Mega Man X feelt bigger and faster than anything I played on the NES. It still feels like it’s direct response to the silliness and innocence of the original series. The playful robots and goofy villains are replaced with some seriously intimidating machines. Dr. Wily is no longer the series villain, as Sigma, a genocidal and virus-infected android set on world domination, looms in the background waiting for X. His second-in-command, Vile, is a purple Boba Fett who marches around in a mech suit (yes a robot driving a mech, it’s cool). The Robot Masters were replaced with Mavericks, more intense animal-themed robots who properly embraced the aggressive edge while providing unique boss fights and much more variety.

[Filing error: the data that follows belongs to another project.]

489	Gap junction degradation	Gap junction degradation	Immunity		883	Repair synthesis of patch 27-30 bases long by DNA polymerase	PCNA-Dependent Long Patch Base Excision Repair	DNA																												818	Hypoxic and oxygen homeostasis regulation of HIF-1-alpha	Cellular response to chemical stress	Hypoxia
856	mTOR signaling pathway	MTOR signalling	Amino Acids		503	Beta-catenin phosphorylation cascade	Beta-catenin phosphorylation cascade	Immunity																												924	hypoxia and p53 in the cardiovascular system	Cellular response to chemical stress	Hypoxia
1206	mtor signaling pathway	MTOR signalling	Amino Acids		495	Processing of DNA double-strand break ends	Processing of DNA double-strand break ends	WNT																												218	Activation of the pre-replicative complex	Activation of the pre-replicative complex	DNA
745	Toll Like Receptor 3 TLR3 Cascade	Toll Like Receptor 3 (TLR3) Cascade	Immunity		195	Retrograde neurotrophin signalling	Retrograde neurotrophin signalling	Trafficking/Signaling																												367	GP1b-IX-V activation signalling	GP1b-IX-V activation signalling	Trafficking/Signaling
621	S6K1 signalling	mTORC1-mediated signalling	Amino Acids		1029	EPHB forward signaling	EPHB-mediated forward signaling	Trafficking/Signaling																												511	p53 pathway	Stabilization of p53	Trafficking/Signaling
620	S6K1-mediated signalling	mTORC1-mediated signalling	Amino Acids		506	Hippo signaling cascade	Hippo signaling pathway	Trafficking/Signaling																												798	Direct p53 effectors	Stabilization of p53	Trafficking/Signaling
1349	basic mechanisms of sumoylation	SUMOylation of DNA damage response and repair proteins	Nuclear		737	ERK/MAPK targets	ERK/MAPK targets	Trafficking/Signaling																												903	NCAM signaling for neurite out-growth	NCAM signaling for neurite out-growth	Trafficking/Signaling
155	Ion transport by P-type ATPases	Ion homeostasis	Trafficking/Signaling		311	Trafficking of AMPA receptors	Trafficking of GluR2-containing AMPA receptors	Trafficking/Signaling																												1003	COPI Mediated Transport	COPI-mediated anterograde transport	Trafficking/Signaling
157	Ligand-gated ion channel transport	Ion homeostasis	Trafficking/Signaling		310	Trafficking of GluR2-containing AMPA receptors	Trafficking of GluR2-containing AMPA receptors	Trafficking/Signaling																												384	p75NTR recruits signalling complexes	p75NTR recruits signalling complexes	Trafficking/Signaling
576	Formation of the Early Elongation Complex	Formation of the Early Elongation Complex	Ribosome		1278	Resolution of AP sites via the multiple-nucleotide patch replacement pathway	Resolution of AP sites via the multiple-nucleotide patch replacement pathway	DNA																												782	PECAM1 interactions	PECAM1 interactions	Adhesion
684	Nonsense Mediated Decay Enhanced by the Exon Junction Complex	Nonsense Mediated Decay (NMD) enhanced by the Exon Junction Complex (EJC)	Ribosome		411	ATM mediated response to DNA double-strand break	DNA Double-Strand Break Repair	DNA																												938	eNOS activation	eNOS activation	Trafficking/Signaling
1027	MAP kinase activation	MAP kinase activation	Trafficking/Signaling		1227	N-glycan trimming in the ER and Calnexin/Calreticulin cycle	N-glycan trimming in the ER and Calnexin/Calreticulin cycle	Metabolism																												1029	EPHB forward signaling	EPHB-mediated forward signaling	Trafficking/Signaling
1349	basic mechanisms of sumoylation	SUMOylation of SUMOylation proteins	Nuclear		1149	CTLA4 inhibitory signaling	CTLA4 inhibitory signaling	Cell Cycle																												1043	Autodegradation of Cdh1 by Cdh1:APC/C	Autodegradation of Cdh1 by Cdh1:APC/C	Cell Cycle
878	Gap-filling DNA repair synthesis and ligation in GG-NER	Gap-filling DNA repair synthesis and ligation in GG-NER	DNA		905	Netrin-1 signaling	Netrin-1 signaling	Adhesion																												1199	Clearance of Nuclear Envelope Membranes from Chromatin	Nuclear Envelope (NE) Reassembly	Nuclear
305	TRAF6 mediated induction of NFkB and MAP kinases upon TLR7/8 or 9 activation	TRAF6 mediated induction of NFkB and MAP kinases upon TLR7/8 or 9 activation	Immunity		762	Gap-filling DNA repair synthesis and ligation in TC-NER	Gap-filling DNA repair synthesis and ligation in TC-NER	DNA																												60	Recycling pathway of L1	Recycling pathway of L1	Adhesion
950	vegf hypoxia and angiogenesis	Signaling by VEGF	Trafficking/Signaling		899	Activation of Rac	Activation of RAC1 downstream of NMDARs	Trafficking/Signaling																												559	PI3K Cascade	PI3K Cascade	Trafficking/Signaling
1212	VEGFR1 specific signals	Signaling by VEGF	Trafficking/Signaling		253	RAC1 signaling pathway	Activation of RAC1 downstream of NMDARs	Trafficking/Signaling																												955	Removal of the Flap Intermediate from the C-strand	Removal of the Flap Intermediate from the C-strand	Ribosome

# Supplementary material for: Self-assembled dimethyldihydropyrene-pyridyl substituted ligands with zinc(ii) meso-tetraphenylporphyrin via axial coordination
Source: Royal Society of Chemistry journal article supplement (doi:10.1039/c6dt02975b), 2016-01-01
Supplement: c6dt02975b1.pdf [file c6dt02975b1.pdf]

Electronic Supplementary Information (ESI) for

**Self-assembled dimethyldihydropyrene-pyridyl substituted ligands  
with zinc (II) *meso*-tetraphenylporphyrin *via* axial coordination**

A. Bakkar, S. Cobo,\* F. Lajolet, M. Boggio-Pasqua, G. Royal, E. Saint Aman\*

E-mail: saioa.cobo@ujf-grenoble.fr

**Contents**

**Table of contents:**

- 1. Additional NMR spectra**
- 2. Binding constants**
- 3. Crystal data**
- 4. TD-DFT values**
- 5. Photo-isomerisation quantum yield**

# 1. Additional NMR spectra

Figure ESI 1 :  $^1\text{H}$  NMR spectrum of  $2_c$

X Also has a new companion, Zero, who is like a cool cousin that got into metal like 3 years prior. He’s got long blonde hair, and he’s incredibly cool. Like, so cool in the most 1990s way possible.
The shift to Mega Man X gave gamers a series that felt more mature and better represented the attitude of the times. While it was still based on the classic Mega Man formula, Inafune and his team were able to give us something completely new and different. It also spoke to a generation of gamers that were looking for something a little more extreme than the normal 2D platformer.
Upgrade Me – Please